What Does Employment at Will Mean?

Information on Employment at Will and Exceptions

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What is employment at will? Employment at will means that an employee can be terminated at any time without any reason, explanation or warning. In contrast, it also means that an employee is free to quit or leave without reason.

Employment at Will and Termination Notice

When an employee accepts an at-will employment contract, they are able to leave their companies at any time without notice. Employers are also not required to provide notice or explanation when terminating an at-will employee and the court would deny any claim attempting to seek benefits for losses as a result of termination.

At-will employment has grown increasingly more popular over time.  This type of employment involves a great deal of flexibility for both the employer and the employee. It allows both parties to engage in a fair, comfortable work environment without any major commitments from either side. Employers, for example, can change the terms of an employment contract (such as wages, benefit plans, or paid time off allotments) without notice or consequence.

Employee Rights

Employees do have rights when their job is terminated, including contract rights, company policy, and statutory rights provided by federal and state law.

Both state and federal governments hold jurisdiction over at-will employees to protect them from all sorts of issues and/or possible reasons for termination. These can include race, religion, citizenship, retaliation for performing a legally protected action, whistleblowing, disability, gender, age, physical health, sexual orientation, and other factors protected by labor laws.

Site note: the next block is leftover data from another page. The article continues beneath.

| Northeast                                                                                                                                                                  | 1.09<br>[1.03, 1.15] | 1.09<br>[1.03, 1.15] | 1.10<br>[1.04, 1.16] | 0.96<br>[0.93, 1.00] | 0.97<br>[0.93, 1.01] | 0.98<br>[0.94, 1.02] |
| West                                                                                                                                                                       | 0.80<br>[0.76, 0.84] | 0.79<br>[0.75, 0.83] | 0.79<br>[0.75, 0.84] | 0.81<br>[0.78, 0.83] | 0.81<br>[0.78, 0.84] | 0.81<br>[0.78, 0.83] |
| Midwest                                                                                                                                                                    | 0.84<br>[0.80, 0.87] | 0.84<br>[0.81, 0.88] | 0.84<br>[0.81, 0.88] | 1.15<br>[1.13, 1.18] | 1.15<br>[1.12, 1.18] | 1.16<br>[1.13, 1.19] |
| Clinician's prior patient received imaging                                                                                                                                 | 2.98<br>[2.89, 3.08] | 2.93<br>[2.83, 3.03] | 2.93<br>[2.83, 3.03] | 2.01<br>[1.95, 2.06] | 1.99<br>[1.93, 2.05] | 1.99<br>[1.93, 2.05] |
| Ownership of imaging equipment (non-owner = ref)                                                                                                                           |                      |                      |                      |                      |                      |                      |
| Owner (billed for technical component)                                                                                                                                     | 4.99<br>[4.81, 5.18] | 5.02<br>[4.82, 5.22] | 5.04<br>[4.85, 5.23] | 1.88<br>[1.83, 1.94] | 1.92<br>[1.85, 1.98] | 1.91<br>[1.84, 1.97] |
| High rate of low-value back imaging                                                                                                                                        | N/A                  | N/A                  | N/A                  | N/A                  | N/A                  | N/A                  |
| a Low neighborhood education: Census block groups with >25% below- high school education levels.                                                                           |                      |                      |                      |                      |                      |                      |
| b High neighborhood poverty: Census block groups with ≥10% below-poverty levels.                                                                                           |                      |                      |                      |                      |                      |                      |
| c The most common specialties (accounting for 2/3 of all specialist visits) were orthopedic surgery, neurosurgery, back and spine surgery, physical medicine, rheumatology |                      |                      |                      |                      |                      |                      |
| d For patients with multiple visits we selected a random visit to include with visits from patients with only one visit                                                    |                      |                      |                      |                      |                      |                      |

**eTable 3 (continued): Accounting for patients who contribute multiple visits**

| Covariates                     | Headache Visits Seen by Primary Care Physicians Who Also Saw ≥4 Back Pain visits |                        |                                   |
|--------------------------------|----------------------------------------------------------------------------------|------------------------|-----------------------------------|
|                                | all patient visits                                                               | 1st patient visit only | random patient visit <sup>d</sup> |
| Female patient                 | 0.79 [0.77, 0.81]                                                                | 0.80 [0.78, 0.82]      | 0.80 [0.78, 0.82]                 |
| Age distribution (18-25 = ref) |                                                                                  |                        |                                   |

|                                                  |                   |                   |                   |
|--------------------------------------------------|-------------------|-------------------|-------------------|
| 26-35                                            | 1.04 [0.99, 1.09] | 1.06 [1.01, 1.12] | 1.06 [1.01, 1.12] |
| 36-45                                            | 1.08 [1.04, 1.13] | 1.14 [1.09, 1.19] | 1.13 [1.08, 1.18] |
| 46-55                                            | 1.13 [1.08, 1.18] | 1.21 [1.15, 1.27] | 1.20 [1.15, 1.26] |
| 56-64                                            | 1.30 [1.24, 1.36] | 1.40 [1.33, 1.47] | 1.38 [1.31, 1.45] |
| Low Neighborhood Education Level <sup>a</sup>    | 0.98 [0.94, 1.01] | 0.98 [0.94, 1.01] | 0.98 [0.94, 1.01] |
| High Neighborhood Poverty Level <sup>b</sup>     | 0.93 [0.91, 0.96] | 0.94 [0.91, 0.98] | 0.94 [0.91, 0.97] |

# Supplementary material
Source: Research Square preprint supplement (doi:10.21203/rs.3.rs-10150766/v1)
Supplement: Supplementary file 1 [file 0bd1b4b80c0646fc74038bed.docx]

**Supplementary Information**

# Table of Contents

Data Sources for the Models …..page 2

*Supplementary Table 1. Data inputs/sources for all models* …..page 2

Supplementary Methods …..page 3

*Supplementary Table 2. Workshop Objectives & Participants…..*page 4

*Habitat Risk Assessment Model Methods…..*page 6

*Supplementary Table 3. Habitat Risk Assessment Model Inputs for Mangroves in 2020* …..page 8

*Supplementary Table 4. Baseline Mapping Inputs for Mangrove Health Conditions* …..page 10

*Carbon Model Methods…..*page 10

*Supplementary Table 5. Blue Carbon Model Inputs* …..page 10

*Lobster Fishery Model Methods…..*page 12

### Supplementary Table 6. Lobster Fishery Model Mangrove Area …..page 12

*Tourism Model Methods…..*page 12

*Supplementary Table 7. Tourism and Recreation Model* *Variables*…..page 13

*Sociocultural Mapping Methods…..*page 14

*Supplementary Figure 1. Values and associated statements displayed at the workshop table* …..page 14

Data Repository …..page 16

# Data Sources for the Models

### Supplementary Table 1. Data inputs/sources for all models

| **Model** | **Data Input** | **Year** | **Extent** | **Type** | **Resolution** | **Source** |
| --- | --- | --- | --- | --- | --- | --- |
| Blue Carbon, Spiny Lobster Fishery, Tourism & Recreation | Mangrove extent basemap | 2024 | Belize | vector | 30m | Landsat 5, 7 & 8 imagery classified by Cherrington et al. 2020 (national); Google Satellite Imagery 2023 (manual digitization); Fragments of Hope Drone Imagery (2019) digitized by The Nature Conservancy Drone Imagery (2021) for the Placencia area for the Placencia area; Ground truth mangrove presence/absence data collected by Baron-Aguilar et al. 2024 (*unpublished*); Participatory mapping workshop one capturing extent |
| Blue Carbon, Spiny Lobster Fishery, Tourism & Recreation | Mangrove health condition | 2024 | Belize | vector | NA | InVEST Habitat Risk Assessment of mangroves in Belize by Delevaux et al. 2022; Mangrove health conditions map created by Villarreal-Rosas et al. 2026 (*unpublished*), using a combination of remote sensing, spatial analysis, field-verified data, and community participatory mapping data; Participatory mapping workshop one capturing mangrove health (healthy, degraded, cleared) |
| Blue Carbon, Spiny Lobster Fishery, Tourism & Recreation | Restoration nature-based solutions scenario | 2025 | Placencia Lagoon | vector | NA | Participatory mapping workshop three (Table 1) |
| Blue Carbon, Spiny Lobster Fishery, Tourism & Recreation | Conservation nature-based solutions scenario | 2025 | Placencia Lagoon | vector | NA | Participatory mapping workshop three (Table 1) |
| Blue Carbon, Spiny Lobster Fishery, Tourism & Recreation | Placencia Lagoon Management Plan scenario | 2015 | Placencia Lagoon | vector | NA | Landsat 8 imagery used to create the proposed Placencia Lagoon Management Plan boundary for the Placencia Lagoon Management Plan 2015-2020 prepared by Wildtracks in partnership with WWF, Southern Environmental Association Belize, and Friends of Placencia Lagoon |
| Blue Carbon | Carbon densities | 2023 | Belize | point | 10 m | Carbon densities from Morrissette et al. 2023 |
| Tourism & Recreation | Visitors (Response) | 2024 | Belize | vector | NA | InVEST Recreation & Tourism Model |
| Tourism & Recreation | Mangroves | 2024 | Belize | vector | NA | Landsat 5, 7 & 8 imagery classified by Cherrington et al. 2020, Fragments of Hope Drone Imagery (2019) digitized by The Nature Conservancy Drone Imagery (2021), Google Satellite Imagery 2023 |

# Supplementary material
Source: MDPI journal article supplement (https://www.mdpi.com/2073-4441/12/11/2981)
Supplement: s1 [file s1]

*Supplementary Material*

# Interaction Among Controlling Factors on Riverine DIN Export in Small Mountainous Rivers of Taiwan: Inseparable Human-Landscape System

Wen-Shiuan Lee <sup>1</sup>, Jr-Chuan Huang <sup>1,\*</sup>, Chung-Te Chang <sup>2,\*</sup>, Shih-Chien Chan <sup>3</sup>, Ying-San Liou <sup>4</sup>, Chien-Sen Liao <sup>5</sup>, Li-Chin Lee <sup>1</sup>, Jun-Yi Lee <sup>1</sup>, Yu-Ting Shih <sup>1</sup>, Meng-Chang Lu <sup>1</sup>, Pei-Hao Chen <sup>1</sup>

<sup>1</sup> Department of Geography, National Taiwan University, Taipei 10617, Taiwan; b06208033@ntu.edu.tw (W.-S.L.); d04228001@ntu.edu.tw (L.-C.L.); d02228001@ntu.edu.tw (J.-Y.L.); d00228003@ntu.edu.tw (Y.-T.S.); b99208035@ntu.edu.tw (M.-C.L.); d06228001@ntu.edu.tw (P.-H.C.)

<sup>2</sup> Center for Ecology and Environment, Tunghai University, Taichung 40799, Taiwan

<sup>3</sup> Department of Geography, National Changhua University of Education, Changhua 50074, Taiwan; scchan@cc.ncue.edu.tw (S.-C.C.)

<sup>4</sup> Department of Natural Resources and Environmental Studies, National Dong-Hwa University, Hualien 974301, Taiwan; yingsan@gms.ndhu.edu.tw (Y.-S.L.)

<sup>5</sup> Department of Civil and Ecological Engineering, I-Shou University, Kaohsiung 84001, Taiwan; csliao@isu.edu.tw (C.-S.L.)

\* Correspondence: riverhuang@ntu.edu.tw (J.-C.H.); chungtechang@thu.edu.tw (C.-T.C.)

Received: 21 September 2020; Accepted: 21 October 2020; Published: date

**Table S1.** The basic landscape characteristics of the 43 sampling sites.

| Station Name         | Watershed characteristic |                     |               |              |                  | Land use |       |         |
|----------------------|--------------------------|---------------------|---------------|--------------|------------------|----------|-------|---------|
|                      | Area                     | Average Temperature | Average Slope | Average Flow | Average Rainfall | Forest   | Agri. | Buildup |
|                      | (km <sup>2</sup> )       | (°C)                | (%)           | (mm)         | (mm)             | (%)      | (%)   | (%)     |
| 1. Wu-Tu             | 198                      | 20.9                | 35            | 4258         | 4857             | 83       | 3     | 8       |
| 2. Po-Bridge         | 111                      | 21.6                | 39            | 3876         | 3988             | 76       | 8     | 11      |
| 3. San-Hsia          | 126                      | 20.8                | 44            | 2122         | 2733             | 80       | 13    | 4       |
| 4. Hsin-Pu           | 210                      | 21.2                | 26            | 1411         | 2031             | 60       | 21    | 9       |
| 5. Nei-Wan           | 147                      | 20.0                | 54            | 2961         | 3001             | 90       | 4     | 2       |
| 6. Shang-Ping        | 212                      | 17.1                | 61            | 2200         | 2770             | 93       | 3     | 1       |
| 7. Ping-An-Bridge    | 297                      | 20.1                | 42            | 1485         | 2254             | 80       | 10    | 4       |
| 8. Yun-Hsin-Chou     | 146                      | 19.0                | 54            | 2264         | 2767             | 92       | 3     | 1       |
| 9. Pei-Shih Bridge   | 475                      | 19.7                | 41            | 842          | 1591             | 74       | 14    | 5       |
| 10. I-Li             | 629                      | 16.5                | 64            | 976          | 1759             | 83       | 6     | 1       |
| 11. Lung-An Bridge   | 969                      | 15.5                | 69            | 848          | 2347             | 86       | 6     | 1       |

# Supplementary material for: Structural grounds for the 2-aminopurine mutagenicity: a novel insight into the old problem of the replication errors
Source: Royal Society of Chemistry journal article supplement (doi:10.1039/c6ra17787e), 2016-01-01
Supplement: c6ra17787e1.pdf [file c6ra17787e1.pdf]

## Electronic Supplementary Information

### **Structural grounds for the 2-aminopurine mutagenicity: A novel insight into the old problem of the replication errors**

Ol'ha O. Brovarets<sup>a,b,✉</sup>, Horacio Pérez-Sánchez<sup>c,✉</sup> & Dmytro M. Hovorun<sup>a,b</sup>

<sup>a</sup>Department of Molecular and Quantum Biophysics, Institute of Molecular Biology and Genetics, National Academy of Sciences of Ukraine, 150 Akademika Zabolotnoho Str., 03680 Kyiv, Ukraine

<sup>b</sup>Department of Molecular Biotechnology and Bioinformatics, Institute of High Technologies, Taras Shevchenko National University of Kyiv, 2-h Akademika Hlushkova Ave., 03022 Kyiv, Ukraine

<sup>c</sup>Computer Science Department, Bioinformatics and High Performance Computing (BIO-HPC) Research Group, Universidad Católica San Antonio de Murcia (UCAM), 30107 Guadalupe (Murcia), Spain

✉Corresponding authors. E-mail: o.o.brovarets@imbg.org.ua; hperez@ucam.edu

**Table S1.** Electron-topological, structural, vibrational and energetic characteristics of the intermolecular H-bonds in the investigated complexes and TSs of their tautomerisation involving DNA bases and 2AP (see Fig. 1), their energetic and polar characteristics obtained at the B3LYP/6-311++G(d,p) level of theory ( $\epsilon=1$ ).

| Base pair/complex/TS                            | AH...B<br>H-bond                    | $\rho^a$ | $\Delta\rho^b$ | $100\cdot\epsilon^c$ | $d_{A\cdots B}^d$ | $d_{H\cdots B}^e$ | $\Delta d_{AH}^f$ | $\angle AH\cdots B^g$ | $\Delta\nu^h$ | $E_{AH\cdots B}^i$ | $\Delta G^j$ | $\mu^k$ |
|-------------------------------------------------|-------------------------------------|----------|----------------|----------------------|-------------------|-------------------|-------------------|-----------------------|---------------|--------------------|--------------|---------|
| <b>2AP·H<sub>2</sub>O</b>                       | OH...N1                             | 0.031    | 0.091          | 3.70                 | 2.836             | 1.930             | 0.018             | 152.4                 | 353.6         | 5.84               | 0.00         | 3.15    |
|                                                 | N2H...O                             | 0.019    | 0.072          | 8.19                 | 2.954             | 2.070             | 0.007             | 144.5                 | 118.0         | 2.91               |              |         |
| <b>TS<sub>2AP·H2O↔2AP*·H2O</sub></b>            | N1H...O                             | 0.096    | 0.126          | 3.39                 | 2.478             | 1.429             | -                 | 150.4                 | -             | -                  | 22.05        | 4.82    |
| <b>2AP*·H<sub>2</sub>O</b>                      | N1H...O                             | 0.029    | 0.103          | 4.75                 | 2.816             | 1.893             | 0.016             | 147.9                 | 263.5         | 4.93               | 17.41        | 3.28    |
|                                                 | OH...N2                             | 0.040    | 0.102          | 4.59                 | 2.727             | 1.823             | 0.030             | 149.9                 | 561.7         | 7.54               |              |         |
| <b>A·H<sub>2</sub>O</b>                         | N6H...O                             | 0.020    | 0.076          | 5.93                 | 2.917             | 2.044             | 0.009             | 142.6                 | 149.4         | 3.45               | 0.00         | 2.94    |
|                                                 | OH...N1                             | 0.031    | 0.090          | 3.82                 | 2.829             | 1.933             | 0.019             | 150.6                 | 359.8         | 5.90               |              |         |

There is additional information available on employee rights that will help employees understand what they are entitled to and to get assistance if they believe they have been discriminated against.

Employment at Will Exceptions

Employment Contracts
There are exceptions to the employment at-will doctrine including if the employee is covered under a collective bargaining agreement or has an employment contract, if discrimination is involved in the termination, if public policy is violated, or if company policy states guidelines for termination.

 State law may also provide for exceptions.

Implied Contracts
Another example is the implied contract exception. Employers are prohibited from firing n employee when an implied contract is created between them, regardless of whether or not a legal document was drawn up. It is usually very difficult to prove the validity of such a document, and that burden sits with the employee. Examples of implied employment contracts are often discovered when an employer’s policy book or new hire handbooks indicate that employees are not at-will and will only be fired for good cause.

Good Faith and Fair Dealing
Yet another exception is known as implied covenant of good faith and fair dealing. In this case, employers cannot fire a person in order to avoid their duties, such as paying for healthcare, retirement, or commission-based work. 

Public Policy
Employers are not able to fire an employee if the action violates their respective state’s public policy exception. In this case, employers are prohibited from firing or seeking damages from an employee if the employee’s reason for action benefits the public. In the United States, only seven states do not recognize public policy as an exception to this rule, Alabama, Georgia, Louisiana, Maine, Nebraska, New York, Rhode Island, and Florida.

Here is a list of exceptions to employment at will.

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